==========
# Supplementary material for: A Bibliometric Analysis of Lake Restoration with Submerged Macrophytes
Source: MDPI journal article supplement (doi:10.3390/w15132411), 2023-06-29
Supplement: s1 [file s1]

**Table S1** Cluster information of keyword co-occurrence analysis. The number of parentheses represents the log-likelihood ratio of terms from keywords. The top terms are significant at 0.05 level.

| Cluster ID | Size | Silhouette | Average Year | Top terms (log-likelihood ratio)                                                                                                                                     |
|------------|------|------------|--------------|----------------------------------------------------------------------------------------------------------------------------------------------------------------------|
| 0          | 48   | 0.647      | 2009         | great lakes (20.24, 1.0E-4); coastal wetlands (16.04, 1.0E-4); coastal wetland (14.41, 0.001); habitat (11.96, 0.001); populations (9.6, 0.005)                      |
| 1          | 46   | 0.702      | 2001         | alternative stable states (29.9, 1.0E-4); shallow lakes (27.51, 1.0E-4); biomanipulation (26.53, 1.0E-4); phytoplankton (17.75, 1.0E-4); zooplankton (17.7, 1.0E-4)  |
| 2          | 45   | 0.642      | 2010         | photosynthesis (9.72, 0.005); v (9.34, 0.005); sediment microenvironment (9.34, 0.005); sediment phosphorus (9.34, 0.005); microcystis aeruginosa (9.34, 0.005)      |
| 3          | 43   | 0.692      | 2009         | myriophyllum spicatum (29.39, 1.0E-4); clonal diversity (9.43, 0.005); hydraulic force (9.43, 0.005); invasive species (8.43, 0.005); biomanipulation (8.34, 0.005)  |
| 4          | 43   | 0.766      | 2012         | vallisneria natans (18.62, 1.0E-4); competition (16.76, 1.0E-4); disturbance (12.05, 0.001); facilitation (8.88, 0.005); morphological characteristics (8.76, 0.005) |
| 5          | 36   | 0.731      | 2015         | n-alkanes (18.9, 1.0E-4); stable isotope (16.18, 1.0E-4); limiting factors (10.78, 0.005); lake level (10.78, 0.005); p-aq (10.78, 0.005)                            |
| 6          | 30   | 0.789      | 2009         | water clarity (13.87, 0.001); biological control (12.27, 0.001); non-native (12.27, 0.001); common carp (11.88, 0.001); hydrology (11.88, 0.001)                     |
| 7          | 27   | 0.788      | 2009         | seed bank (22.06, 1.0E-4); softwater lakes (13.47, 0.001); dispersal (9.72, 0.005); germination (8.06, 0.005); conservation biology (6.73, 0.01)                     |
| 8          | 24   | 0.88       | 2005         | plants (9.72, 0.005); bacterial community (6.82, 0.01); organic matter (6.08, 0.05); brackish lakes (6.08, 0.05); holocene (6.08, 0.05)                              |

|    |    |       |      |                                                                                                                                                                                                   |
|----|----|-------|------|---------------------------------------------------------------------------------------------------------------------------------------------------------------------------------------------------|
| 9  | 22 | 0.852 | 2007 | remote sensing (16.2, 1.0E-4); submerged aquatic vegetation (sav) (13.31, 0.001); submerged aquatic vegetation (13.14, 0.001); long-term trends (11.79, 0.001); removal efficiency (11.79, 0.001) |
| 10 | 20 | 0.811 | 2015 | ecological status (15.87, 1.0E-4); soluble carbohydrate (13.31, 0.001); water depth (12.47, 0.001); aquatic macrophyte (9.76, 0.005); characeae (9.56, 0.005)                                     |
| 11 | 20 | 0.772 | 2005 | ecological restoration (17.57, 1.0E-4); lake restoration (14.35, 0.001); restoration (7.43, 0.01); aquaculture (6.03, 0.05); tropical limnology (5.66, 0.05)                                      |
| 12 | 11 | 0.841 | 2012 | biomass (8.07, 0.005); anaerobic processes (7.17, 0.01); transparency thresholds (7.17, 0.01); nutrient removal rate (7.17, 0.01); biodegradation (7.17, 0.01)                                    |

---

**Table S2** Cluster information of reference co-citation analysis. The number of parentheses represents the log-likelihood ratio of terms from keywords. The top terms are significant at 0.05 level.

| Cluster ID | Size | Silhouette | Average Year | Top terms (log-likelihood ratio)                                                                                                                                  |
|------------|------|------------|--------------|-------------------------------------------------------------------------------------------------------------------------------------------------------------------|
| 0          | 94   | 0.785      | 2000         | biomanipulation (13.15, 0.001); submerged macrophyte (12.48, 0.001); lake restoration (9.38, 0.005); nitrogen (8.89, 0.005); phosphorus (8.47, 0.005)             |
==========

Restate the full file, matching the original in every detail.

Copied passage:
# Supplementary material for: A Bibliometric Analysis of Lake Restoration with Submerged Macrophytes
Source: MDPI journal article supplement (doi:10.3390/w15132411), 2023-06-29
Supplement: s1 [file s1]

**Table S1** Cluster information of keyword co-occurrence analysis. The number of parentheses represents the log-likelihood ratio of terms from keywords. The top terms are significant at 0.05 level.

| Cluster ID | Size | Silhouette | Average Year | Top terms (log-likelihood ratio)                                                                                                                                     |
|------------|------|------------|--------------|----------------------------------------------------------------------------------------------------------------------------------------------------------------------|
| 0          | 48   | 0.647      | 2009         | great lakes (20.24, 1.0E-4); coastal wetlands (16.04, 1.0E-4); coastal wetland (14.41, 0.001); habitat (11.96, 0.001); populations (9.6, 0.005)                      |
| 1          | 46   | 0.702      | 2001         | alternative stable states (29.9, 1.0E-4); shallow lakes (27.51, 1.0E-4); biomanipulation (26.53, 1.0E-4); phytoplankton (17.75, 1.0E-4); zooplankton (17.7, 1.0E-4)  |
| 2          | 45   | 0.642      | 2010         | photosynthesis (9.72, 0.005); v (9.34, 0.005); sediment microenvironment (9.34, 0.005); sediment phosphorus (9.34, 0.005); microcystis aeruginosa (9.34, 0.005)      |
| 3          | 43   | 0.692      | 2009         | myriophyllum spicatum (29.39, 1.0E-4); clonal diversity (9.43, 0.005); hydraulic force (9.43, 0.005); invasive species (8.43, 0.005); biomanipulation (8.34, 0.005)  |
| 4          | 43   | 0.766      | 2012         | vallisneria natans (18.62, 1.0E-4); competition (16.76, 1.0E-4); disturbance (12.05, 0.001); facilitation (8.88, 0.005); morphological characteristics (8.76, 0.005) |
| 5          | 36   | 0.731      | 2015         | n-alkanes (18.9, 1.0E-4); stable isotope (16.18, 1.0E-4); limiting factors (10.78, 0.005); lake level (10.78, 0.005); p-aq (10.78, 0.005)                            |
| 6          | 30   | 0.789      | 2009         | water clarity (13.87, 0.001); biological control (12.27, 0.001); non-native (12.27, 0.001); common carp (11.88, 0.001); hydrology (11.88, 0.001)                     |
| 7          | 27   | 0.788      | 2009         | seed bank (22.06, 1.0E-4); softwater lakes (13.47, 0.001); dispersal (9.72, 0.005); germination (8.06, 0.005); conservation biology (6.73, 0.01)                     |
| 8          | 24   | 0.88       | 2005         | plants (9.72, 0.005); bacterial community (6.82, 0.01); organic matter (6.08, 0.05); brackish lakes (6.08, 0.05); holocene (6.08, 0.05)                              |

|    |    |       |      |                                                                                                                                                                                                   |
|----|----|-------|------|---------------------------------------------------------------------------------------------------------------------------------------------------------------------------------------------------|
| 9  | 22 | 0.852 | 2007 | remote sensing (16.2, 1.0E-4); submerged aquatic vegetation (sav) (13.31, 0.001); submerged aquatic vegetation (13.14, 0.001); long-term trends (11.79, 0.001); removal efficiency (11.79, 0.001) |
| 10 | 20 | 0.811 | 2015 | ecological status (15.87, 1.0E-4); soluble carbohydrate (13.31, 0.001); water depth (12.47, 0.001); aquatic macrophyte (9.76, 0.005); characeae (9.56, 0.005)                                     |
| 11 | 20 | 0.772 | 2005 | ecological restoration (17.57, 1.0E-4); lake restoration (14.35, 0.001); restoration (7.43, 0.01); aquaculture (6.03, 0.05); tropical limnology (5.66, 0.05)                                      |
| 12 | 11 | 0.841 | 2012 | biomass (8.07, 0.005); anaerobic processes (7.17, 0.01); transparency thresholds (7.17, 0.01); nutrient removal rate (7.17, 0.01); biodegradation (7.17, 0.01)                                    |

---

**Table S2** Cluster information of reference co-citation analysis. The number of parentheses represents the log-likelihood ratio of terms from keywords. The top terms are significant at 0.05 level.

| Cluster ID | Size | Silhouette | Average Year | Top terms (log-likelihood ratio)                                                                                                                                  |
|------------|------|------------|--------------|-------------------------------------------------------------------------------------------------------------------------------------------------------------------|
| 0          | 94   | 0.785      | 2000         | biomanipulation (13.15, 0.001); submerged macrophyte (12.48, 0.001); lake restoration (9.38, 0.005); nitrogen (8.89, 0.005); phosphorus (8.47, 0.005)             |